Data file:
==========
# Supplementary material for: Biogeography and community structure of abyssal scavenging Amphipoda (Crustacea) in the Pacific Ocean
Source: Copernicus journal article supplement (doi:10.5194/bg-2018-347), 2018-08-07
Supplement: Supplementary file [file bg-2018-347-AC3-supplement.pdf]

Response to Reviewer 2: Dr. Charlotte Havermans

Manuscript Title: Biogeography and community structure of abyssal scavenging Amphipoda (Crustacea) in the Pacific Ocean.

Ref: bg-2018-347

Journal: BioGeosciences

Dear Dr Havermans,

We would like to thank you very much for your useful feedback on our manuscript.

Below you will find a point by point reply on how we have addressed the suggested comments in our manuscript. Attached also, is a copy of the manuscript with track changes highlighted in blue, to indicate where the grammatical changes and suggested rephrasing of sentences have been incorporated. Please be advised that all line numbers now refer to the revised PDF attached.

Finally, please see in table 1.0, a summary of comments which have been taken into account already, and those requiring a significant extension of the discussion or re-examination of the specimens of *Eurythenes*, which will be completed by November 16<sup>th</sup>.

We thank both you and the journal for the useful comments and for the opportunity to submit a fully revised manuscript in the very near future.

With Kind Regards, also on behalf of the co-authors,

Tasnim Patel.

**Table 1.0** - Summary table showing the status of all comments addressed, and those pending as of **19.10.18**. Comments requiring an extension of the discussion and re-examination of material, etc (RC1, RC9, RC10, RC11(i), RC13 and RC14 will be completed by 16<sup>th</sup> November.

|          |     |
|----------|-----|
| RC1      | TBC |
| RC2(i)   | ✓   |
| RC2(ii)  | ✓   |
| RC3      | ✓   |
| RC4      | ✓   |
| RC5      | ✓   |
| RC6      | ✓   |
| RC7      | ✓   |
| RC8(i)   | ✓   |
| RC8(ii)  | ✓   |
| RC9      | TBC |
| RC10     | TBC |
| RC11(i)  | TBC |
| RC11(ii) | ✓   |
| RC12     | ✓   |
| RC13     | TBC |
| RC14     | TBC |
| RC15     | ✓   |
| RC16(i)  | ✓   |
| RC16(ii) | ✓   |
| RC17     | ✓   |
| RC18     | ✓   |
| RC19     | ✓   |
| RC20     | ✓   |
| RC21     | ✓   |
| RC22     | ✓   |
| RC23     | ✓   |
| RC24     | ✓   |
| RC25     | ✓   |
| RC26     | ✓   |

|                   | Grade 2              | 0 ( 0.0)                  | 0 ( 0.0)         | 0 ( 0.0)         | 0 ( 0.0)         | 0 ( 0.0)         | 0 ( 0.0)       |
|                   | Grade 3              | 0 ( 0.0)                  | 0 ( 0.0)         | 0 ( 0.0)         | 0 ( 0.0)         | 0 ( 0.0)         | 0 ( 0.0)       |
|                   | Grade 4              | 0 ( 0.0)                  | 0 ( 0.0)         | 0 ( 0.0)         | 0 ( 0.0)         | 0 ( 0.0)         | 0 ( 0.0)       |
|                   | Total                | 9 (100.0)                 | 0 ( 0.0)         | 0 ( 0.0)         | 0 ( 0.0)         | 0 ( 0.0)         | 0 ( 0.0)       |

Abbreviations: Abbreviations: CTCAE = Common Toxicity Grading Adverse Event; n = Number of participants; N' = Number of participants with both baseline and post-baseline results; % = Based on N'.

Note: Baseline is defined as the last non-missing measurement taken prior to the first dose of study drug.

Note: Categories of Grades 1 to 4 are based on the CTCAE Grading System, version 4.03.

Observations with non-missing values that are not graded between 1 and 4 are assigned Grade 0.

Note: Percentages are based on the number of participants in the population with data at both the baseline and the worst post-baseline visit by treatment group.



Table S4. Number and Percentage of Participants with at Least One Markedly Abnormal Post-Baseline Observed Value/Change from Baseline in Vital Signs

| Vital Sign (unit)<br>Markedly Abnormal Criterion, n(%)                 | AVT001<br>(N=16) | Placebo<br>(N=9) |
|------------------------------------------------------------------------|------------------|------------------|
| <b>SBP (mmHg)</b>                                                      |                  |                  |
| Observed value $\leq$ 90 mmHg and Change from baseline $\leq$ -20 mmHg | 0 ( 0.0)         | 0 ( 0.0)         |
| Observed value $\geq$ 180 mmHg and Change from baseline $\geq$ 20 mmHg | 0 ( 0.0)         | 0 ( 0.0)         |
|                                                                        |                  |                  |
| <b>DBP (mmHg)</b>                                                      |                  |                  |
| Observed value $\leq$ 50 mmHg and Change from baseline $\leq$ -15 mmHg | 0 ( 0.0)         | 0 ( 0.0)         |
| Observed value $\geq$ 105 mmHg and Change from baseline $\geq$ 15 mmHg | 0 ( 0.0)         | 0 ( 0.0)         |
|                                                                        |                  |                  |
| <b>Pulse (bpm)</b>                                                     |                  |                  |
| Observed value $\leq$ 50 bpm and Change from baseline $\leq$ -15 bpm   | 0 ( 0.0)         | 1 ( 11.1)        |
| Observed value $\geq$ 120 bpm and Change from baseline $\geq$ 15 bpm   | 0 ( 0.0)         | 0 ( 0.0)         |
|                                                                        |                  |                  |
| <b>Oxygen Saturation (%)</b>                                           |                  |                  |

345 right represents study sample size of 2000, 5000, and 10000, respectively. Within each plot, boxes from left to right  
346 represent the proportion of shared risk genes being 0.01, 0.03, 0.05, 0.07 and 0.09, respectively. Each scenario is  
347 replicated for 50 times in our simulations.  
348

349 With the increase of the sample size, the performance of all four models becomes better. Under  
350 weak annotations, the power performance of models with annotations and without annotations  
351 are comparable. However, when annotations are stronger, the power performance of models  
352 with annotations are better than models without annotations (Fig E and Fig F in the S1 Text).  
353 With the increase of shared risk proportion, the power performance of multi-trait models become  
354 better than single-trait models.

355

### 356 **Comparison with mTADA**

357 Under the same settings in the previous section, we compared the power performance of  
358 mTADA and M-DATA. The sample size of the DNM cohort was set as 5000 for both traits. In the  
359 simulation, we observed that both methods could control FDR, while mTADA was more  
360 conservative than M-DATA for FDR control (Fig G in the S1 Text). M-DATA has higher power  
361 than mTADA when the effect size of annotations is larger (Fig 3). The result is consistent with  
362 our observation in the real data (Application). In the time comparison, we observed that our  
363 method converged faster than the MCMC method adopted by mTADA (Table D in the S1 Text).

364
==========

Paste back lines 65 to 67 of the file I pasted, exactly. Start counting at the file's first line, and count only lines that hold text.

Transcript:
| Observed value $\leq$ 50 mmHg and Change from baseline $\leq$ -15 mmHg | 0 ( 0.0)         | 0 ( 0.0)         |
| Observed value $\geq$ 105 mmHg and Change from baseline $\geq$ 15 mmHg | 0 ( 0.0)         | 0 ( 0.0)         |
|                                                                        |                  |                  |